I’ve been using Countable for awhile now. Every now and then the notifications and articles go completely wrong on some subliminal level. Like this one, apparently asking me if the Feds found fraud in Hospice care,

Countable

[T]he report shows that sometimes, patient needs have been ignored.

For instance, it found that hospices provide significantly fewer services on the weekends than during the week. Patients’ pain levels don’t diminish over the weekend, raising concerns of inadequate pain management.

This can put patients at serious risk, because when they elect hospice care, they are waiving their right for Medicare payment for curative treatment. In some of the cases the report documents, patients were not even aware that they were being enrolled in hospice. – Countable, Feds Find Fraud and Flaws in Hospice Care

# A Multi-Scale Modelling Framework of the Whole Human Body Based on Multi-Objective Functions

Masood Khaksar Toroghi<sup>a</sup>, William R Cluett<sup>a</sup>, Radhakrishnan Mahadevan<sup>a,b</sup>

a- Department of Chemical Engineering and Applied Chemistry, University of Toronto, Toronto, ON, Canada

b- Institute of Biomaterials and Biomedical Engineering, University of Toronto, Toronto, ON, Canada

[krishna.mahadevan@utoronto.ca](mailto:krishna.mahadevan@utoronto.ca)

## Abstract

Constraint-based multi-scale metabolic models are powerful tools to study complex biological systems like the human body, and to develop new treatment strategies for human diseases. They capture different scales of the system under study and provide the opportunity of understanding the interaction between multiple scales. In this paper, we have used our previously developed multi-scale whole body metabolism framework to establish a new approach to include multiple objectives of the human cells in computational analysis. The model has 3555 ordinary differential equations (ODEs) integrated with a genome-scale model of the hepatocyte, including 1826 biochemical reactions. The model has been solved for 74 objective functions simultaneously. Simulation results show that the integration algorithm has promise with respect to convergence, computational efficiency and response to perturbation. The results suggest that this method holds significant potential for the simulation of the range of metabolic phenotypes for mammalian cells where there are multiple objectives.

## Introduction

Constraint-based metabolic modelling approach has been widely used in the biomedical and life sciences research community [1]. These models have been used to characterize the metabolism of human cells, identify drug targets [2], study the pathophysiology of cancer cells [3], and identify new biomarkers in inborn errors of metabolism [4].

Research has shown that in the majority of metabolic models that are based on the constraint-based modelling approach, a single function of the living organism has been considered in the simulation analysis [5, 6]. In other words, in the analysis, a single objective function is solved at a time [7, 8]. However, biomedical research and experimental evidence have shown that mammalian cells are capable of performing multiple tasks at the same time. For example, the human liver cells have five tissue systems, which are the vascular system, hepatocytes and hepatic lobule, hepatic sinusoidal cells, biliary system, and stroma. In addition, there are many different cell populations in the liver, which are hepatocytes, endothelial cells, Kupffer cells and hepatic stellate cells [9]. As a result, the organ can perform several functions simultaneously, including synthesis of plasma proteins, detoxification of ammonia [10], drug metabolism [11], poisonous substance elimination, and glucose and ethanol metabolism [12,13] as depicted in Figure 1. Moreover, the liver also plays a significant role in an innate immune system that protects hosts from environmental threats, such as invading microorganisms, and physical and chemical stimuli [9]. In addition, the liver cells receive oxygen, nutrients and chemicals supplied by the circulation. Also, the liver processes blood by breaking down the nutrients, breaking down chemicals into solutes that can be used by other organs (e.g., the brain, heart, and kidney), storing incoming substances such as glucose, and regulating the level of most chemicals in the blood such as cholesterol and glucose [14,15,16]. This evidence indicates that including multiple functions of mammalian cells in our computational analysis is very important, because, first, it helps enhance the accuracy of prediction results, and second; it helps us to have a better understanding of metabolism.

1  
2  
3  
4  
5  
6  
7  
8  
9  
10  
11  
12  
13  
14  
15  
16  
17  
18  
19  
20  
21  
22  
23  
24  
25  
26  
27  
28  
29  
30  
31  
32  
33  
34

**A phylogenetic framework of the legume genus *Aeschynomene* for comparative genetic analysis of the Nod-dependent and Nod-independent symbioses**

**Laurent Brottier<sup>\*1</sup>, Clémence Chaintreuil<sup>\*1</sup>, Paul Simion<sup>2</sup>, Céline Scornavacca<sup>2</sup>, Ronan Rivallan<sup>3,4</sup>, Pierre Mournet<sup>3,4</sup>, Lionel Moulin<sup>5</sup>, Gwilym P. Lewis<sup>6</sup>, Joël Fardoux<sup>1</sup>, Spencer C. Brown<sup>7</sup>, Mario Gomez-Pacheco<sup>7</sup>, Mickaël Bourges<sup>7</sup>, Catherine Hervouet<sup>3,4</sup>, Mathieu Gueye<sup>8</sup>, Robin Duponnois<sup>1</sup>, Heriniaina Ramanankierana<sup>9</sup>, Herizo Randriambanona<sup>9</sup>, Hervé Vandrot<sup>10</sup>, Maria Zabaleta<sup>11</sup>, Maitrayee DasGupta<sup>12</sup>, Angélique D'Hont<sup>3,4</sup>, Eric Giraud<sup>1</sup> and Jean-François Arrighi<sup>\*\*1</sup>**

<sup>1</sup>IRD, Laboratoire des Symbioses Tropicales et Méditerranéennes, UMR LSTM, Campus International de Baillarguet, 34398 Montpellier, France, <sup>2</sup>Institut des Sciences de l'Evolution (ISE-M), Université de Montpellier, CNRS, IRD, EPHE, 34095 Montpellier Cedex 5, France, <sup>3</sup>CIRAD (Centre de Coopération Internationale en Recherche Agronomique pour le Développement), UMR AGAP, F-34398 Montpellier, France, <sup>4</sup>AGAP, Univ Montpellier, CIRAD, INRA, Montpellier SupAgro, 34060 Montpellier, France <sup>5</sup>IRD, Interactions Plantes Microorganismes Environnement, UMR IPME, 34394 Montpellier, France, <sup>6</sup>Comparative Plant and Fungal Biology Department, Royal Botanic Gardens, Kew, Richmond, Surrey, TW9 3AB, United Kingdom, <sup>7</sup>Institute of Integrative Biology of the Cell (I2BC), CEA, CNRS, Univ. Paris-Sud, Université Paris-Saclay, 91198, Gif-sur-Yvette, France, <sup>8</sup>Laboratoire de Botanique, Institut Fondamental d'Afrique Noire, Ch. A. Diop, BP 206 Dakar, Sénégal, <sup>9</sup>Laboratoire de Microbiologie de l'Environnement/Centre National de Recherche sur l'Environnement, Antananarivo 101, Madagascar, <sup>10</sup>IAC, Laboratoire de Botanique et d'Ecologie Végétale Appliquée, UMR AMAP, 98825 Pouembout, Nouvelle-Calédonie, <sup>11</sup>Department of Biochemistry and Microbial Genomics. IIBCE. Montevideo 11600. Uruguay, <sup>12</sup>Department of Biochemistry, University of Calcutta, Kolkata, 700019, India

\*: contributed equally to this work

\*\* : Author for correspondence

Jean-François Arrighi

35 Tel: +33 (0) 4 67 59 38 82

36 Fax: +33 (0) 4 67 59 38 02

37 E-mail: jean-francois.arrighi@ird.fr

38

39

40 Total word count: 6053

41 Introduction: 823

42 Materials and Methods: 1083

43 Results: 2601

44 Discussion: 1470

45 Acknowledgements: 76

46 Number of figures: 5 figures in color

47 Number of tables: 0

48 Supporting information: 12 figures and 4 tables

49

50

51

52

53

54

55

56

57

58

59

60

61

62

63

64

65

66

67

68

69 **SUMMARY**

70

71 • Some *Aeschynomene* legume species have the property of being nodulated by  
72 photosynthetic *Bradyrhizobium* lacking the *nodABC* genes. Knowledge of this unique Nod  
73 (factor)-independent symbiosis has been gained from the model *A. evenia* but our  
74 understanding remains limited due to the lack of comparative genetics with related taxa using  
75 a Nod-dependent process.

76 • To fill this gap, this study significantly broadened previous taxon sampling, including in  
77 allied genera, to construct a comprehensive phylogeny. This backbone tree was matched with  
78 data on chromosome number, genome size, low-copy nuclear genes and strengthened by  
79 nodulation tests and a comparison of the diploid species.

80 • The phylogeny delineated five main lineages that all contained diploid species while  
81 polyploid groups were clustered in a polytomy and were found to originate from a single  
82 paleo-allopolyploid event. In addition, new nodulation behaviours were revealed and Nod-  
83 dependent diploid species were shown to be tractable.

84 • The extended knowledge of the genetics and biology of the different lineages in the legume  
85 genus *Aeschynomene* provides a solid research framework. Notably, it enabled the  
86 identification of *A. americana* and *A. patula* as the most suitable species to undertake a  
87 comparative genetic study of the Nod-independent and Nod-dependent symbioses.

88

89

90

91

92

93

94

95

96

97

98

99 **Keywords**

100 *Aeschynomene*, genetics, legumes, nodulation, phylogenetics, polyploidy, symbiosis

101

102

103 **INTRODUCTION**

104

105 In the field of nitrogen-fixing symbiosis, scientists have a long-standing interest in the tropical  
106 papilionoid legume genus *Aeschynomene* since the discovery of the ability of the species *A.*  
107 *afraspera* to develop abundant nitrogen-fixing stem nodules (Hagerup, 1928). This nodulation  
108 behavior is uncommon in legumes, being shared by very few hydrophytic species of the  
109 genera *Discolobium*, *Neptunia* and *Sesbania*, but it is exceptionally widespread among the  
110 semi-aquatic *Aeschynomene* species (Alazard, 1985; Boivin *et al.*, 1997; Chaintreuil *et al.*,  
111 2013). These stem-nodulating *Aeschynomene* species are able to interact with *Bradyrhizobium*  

Not providing as much care on the weekends is a red flag for regulators in health industries. This is exactly the kinds of things that regulators (if they existed) would be empowered to investigate. It’s a good thing for these fraudulent operations that Republicans are against hospice existing in the first place. Their religious base doesn’t believe they’ll ever die or that bad things happen to good people. So they won’t be anxious to do anything more than shut all hospice down the way they want to shut Planned Parenthood down. But hospice is as essential as Planned Parenthood is, and we need there to be oversight of these facilities.